In early summer, the Whitefish City Council approved affordable housing units, and the city was awarded $6.75 million in federal tax credits in November to help it grow affordable housing options and inventory.
Kalispell continues to grow at a rapid rate, with development shifting westward as more people seek affordable housing. Within a one-month span in May and June, the Kalispell City Council approved two separate developments, located kitty corner from each other on Three Mile, proposing to build a combined 551 housing units across 200 acres. Those came on the heels of the March approval of a 324-unit apartment complex off Two Mile Drive.
Planes, RVs, and Automobiles
Summer is the busiest time of year for the Flathead Valley and surrounding areas, due to the incredible magnetism of the landscape and the welcoming and laidback ethos of mountain culture.
Glacier Park International Airport posted the highest passenger numbers in its history, hotel occupancy rates bustled and new hotels come online each year. But many visitors get here via modes of transportation other than planes, and stay in campgrounds or RV parks, a trend showing high demand for these kinds of overnight stays.
Since 2008, Flathead County has approved multiple RV park projects on its zoned land, adding at least 143 spaces.
On July 10, the Kalispell Planning Board approved a proposal for a new RV park south of town on U.S. Highway 93 that would add 330 RV spaces to valley on 50 acres. The project, called Montana Basecamp, would be the first RV park for Kalispell.
And earlier this year in May, the Montana Department of Environmental Quality approved the environmental assessment for water and wastewater facilities at a proposed RV park near Glacier Park’s west entrance. This project proposes building a campground with space for more than 100 RVs and 25 cabins on 178 acres just west of the West Glacier Village.
Wildfire Affects Glacier’s Visitation Numbers
In August, nearly 100,000 acres were closed in Glacier due to fire, along with 141.8 miles of trail and 47 miles of road. This summer is the third time in four years that the iconic Going-to-the-Sun Road has been closed for a significant amount of time because of wildfire.
Park spokesperson Lauren Alley said while fires have likely depressed visitation overall it has actually increased traffic in some areas as visitors have fewer places to go. Two Medicine and Many Glacier have become especially busy in recent weeks as visitors look for places outside of the smoke-choked west side of the park.
Dylan Boyle, executive director of the Whitefish Convention and Visitors Bureau, said he has fielded numerous calls from visitors asking if they should cancel their visit. Boyle tells them that while the fires are impacting part of the park, there are still other things to do in Northwest Montana.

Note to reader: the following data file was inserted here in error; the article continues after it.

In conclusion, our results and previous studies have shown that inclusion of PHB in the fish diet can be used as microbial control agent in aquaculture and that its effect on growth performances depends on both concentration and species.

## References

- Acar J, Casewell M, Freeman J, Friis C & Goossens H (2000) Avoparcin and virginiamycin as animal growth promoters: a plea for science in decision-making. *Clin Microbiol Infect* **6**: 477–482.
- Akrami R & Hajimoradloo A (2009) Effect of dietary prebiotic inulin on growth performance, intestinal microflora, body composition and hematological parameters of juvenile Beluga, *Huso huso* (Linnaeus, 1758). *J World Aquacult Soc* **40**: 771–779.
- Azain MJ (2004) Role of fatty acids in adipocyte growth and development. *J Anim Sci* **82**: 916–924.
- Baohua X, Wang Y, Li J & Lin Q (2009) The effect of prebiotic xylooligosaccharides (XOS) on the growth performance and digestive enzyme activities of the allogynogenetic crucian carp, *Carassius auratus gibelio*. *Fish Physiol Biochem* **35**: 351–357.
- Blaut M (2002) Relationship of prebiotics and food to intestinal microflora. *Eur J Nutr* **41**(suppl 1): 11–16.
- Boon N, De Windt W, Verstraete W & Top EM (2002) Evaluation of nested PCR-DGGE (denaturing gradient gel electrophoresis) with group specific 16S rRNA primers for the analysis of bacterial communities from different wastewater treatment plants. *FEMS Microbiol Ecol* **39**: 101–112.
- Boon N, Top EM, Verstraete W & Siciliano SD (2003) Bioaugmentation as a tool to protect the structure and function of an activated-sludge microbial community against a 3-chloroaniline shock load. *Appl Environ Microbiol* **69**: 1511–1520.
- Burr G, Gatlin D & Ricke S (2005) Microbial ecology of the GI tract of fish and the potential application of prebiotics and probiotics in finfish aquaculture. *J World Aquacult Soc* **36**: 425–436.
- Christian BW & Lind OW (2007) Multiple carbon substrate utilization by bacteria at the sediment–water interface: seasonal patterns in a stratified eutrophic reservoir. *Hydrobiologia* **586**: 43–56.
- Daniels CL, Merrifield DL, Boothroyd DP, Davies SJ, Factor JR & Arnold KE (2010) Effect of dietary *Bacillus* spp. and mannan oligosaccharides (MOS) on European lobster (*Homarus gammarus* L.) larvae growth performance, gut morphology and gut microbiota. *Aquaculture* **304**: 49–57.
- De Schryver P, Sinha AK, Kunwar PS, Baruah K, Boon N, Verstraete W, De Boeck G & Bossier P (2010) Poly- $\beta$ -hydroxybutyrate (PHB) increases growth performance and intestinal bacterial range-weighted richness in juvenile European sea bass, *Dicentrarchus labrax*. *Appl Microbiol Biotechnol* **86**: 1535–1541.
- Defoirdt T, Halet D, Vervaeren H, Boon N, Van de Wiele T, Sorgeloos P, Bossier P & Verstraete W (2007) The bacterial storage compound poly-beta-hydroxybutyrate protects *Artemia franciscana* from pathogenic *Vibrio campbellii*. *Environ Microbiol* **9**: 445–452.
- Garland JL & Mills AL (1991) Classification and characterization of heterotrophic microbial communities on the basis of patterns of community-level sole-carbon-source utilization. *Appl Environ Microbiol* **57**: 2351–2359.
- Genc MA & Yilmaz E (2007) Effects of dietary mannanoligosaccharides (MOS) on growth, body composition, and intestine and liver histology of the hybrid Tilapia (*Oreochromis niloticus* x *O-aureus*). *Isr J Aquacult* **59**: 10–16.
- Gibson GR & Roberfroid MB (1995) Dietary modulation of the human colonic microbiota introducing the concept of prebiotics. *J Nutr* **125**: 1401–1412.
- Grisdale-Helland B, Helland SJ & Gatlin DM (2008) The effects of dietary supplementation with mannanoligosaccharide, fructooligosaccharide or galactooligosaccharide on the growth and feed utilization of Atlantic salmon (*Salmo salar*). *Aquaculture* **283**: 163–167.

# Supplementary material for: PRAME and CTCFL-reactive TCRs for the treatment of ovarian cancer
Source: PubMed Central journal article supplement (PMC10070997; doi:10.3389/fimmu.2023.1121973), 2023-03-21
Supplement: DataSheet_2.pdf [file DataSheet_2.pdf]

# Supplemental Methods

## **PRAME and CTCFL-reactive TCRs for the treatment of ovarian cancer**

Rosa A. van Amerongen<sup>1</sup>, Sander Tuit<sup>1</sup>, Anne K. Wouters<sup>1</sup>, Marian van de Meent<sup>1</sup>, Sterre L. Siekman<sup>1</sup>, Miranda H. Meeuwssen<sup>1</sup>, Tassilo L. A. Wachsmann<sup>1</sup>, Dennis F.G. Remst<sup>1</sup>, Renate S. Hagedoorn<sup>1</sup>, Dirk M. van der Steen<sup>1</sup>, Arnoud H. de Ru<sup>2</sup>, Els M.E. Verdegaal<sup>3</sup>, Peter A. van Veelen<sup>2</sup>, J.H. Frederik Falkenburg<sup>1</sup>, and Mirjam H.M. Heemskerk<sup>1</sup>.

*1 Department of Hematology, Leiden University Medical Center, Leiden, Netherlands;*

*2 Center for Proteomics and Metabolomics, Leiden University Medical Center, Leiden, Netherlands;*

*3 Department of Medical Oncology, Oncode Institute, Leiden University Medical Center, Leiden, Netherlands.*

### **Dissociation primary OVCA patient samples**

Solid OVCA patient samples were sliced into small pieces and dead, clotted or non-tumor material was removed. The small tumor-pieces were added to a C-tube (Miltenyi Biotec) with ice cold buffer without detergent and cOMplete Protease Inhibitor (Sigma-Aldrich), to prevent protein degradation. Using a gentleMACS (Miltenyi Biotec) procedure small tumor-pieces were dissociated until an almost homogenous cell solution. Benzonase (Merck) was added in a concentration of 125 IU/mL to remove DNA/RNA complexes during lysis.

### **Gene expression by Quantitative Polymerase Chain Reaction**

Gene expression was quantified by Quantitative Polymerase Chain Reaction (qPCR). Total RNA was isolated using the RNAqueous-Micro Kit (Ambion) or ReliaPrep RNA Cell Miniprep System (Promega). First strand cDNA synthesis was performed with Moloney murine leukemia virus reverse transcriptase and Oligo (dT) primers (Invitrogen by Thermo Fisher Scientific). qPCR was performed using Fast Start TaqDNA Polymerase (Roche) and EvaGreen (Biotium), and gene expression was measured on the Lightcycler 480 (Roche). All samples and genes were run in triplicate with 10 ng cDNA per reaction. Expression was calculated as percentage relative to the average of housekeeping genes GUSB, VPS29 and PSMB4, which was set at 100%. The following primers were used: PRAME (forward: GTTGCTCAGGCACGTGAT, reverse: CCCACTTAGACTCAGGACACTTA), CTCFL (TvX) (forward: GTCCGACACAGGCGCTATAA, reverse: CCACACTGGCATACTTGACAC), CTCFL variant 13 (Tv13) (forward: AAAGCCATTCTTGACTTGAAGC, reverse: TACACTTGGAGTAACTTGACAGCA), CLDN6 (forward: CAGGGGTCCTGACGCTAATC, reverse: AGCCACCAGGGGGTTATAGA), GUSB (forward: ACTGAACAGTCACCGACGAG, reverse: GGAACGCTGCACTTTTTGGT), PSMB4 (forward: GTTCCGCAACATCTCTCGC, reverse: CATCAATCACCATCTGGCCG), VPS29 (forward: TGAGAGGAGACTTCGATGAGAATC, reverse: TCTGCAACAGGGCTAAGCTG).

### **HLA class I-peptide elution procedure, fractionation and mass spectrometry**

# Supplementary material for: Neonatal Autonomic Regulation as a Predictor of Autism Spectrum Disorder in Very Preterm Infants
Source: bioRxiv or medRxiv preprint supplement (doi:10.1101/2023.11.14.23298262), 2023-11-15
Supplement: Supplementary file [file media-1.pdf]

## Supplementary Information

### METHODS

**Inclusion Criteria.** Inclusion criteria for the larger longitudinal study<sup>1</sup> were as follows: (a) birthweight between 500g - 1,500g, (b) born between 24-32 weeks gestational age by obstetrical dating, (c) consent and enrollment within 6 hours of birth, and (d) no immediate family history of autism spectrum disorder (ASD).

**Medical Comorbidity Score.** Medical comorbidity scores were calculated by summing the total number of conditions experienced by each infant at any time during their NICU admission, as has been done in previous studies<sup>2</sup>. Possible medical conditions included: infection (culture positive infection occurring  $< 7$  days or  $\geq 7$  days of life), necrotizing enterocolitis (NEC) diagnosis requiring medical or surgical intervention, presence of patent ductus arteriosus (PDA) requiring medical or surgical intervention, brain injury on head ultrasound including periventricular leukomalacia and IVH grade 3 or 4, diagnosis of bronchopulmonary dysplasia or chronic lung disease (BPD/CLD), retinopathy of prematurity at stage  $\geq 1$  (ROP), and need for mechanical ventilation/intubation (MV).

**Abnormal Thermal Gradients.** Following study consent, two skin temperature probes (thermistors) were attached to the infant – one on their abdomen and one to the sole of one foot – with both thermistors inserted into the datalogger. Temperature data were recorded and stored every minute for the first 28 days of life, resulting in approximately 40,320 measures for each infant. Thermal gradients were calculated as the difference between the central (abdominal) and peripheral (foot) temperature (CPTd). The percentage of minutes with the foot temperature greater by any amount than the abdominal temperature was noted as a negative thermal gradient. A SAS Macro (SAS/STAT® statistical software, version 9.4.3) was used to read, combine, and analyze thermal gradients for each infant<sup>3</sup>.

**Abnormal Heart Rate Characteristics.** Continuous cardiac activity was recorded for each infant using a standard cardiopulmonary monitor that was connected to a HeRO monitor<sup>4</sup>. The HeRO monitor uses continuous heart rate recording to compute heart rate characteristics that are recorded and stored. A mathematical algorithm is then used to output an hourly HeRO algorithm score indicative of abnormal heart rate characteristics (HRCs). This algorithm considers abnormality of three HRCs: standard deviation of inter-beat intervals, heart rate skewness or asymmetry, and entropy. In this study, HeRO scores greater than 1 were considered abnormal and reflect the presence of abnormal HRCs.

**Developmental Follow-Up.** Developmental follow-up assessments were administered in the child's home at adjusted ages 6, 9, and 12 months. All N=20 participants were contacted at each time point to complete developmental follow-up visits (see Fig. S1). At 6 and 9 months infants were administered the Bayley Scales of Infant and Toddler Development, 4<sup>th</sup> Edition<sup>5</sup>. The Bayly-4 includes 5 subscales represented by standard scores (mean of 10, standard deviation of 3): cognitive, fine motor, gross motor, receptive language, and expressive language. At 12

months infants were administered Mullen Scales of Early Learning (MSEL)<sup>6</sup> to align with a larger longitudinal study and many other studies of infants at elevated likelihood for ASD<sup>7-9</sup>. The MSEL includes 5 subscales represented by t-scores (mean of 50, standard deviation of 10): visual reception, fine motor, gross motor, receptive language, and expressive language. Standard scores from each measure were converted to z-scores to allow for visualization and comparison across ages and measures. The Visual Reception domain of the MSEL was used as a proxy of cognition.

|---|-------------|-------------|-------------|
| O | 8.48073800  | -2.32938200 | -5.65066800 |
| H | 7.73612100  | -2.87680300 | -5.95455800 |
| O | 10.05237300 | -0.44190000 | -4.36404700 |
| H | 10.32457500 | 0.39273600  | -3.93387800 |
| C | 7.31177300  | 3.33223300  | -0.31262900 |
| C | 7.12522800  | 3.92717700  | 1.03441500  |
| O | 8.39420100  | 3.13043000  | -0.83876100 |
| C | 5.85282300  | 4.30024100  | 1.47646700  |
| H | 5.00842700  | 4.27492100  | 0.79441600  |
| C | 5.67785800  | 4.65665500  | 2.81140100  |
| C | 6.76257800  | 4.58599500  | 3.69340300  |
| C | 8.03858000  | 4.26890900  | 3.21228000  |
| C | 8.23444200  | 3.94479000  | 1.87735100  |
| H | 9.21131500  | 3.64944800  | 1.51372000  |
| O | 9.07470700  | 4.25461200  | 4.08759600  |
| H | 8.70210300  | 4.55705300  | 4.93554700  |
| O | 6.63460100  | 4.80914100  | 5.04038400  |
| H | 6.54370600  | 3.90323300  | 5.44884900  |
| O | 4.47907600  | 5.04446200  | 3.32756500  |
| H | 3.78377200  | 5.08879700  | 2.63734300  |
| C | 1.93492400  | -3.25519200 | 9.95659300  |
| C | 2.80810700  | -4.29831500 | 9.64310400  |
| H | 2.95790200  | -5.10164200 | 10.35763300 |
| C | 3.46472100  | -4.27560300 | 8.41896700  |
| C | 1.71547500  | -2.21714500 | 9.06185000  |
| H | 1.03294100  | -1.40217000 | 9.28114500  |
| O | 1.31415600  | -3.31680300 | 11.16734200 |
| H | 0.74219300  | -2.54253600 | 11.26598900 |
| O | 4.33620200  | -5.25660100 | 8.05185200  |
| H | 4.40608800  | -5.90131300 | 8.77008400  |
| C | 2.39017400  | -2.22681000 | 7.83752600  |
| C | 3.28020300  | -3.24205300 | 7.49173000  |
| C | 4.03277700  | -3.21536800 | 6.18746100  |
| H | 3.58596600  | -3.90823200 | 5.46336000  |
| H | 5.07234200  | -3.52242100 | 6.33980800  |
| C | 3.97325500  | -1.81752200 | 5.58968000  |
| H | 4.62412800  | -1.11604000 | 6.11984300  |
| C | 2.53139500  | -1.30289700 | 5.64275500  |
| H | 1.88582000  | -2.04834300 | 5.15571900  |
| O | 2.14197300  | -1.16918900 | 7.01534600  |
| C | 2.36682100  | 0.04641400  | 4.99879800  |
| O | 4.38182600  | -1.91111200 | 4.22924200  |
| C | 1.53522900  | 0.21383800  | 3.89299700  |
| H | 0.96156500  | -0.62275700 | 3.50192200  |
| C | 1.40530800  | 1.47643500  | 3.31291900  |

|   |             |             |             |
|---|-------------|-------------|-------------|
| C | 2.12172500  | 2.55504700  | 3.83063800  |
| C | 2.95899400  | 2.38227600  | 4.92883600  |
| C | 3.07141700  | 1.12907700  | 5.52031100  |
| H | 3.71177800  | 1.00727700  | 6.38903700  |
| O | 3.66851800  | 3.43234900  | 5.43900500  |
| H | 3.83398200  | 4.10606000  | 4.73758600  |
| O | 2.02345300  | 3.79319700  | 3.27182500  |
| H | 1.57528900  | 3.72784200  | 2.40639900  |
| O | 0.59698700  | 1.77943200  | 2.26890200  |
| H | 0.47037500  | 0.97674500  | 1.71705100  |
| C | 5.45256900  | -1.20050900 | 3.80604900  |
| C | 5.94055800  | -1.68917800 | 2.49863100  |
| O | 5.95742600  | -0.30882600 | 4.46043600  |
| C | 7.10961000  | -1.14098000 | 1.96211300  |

Glacier Rail Park Opens
In October, local officials hammered down 10 golden spikes to celebrate the completion of the new $12.2 million Glacier Rail Park in Evergreen.
The completion of the rail park and eventual relocation of CHS Kalispell’s grain elevator and Northwest Drywall will allow for the removal of two miles of railroad track in downtown Kalispell, clearing the way for a new trail and development.
Construction began on the Glacier Rail Park in August 2017 and since then contractors have been busy building roads, railroad track, and water and sewer systems. CHS Kalispell broke ground on its new facility, and construction has began on Northwest Drywall’s new warehouse. If everything goes according to plan, both companies will be operating out of the 44-acre rail park. Once that happens, the rails in downtown Kalispell will be abandoned and removed.
How the Outdoor Economy Feeds Us
In December, Whitefish hosted the first-ever Business of Outdoor Recreation Summit, a gathering in Whitefish of more than 250 attendees and speakers organized by the Montana Office of Outdoor Recreation to discuss the value of outdoors to businesses and communities on local landscapes.
During a series of wide-ranging panel discussions and free-form conversations at the summit, experts in the field tallied the value and currency of outdoor recreation in dollar signs and quality of life, infrastructure improvements and wildlife conservation.
According to the Outdoor Industry Association’s most recent figures, outdoor recreation is now the largest sector of Montana’s economy, generating more than $7 billion per year in consumer spending and supporting over 70,000 jobs that pay more than $2 billion worth of wages.